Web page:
Revive a Verb for Conciseness

By Mark Nichol - 1 minute read

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One simple method for making a more compact, efficient sentence is to clear the way for the primary verb to do its job. In each of the examples below, other parts of speech obstruct a verb. Discussion after each sentence explains the problem, and a revision offers a solution.

1. As much as we love kids and pets, they are unpredictable and can cause a driver to be distracted.

In this sentence, cause is positioned as the key verb, but the action at the core of the statement is distraction, so tighten the second half of the main clause by replacing cause with distract and omitting the weak phrase “to be distracted,” thereby reducing the sentence by three words: “As much as we love kids and pets, they are unpredictable and can distract a driver.”

2. Funds targeted toward treatment and prevention of these behaviors saw an increase of $2.55 billion to $3.6 billion.

Here, a buried verb is unearthed to produce a more concise sentence—saw is deleted, and the noun increase is converted to a verb, reducing the tired four-word phrase “saw an increase of” to a single active verb: “Funds targeted toward treatment and prevention of these behaviors increased $2.55 billion to $3.6 billion.”

3. However, there is additional language that has suggested alternative ways to avoid the extrajudicial ban on personal data transfer.

In this case, omit the weak expletive “there is” and the associated conjunction that so that suggested stands out more prominently as the first verb in the sentence, cutting the word count by three words: “However, additional language has suggested alternative ways to avoid the extrajudicial ban on personal data transfer.”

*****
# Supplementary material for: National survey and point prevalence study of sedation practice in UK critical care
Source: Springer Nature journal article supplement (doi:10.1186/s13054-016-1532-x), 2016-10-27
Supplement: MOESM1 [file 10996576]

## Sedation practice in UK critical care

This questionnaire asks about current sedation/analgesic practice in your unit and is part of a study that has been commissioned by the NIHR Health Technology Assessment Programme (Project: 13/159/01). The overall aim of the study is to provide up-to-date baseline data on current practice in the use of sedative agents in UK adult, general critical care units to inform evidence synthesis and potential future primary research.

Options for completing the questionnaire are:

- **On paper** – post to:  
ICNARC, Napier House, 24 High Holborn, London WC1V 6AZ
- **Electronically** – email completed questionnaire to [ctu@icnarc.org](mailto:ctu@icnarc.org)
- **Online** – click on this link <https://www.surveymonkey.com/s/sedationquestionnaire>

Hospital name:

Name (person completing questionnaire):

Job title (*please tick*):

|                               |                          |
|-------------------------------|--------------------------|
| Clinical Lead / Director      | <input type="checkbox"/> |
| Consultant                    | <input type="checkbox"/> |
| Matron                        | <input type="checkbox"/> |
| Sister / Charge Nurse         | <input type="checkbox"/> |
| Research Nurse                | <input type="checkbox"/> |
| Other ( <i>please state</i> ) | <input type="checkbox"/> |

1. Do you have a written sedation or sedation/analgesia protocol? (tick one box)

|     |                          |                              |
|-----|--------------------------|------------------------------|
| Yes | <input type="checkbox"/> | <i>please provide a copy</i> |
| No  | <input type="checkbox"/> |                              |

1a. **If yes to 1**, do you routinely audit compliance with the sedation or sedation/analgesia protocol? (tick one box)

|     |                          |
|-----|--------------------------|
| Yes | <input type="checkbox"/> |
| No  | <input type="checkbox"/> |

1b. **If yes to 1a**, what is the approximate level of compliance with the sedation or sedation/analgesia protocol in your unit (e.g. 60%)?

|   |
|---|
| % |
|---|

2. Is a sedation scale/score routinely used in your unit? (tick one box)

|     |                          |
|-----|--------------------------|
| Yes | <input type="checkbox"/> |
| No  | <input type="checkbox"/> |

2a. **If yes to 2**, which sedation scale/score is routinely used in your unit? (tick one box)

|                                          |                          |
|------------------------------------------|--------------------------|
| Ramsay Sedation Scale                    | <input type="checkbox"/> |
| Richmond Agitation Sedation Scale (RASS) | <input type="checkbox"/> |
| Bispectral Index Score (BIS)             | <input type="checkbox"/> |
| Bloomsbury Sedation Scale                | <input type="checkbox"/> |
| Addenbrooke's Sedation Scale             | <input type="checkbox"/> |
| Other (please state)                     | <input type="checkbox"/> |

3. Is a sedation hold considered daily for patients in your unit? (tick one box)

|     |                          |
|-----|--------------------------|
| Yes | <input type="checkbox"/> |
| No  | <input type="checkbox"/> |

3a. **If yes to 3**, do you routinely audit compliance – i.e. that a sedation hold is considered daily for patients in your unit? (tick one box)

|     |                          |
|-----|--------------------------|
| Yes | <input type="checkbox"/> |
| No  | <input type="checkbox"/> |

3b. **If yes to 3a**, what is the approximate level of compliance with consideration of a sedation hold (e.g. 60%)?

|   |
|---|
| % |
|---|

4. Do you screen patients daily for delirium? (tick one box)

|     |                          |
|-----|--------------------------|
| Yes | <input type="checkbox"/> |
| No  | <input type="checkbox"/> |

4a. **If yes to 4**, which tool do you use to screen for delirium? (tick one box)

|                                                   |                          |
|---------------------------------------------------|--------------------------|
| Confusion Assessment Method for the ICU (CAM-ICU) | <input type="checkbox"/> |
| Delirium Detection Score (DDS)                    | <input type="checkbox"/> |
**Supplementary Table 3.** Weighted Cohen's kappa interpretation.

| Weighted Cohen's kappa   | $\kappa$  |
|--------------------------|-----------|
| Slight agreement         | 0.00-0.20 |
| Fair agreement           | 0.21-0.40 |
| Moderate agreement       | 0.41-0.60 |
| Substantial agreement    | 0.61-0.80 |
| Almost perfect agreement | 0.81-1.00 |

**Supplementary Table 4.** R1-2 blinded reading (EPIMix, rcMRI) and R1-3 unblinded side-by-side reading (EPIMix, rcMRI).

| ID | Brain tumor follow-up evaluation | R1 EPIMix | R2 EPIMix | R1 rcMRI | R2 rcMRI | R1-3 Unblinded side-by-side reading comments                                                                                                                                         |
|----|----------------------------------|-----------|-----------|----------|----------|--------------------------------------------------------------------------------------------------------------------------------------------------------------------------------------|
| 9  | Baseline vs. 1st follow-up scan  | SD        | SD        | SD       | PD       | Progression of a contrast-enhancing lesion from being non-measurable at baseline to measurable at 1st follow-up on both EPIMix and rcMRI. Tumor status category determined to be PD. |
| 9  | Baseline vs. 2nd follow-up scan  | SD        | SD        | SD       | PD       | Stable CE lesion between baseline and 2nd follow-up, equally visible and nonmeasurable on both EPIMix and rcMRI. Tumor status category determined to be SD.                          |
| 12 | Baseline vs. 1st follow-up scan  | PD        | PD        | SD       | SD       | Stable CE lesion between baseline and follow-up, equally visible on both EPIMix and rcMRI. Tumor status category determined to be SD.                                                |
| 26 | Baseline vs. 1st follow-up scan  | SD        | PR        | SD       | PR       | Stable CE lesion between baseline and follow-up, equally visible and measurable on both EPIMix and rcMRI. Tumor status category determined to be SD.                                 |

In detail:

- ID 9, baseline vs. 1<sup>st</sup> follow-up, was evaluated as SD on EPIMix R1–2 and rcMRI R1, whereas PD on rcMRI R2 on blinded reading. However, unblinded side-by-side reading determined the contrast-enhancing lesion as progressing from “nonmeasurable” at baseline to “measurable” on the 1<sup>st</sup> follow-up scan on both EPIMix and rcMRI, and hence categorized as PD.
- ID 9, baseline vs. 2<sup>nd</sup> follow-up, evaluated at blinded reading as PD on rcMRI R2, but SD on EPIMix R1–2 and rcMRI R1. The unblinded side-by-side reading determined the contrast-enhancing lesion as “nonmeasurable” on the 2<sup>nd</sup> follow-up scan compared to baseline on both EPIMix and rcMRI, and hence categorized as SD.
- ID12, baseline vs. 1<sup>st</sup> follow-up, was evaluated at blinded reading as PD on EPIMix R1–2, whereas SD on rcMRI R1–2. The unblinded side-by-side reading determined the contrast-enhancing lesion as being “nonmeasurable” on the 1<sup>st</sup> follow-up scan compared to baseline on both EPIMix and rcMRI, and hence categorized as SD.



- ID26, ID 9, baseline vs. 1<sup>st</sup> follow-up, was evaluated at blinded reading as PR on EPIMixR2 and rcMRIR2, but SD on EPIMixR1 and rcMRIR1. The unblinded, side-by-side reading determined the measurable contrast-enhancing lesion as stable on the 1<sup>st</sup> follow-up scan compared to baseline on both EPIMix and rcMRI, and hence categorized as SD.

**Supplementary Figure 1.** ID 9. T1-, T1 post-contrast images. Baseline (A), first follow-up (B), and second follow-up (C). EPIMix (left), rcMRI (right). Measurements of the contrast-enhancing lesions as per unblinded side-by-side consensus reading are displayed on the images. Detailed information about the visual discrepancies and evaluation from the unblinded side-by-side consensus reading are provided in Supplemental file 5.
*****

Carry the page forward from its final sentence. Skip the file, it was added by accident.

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2 Responses to “Revive a Verb for Conciseness”

  • Chester T

    Hi Mark, thanks for your post – it was really useful.

    I just had a quick question…in example #2, is it grammatically correct to say “funds […] increased X to Y”, as this almost implies that the “funds” are an active entity acting on X (the direct object). Perhaps this is a stylistic difference between British and American English; as a Brit, I think my instinct would be to add a preposition, i.e. “Funds […] increased by X to Y”. Look forward to your feedback. Thanks, Chester (London, UK)

  • Mark Nichol

    Chester:
    Thanks for pointing out this error, which we will correct; the sentence should read, “Funds targeted toward treatment and prevention of these behaviors increased from $2.55 billion to $3.6 billion.”

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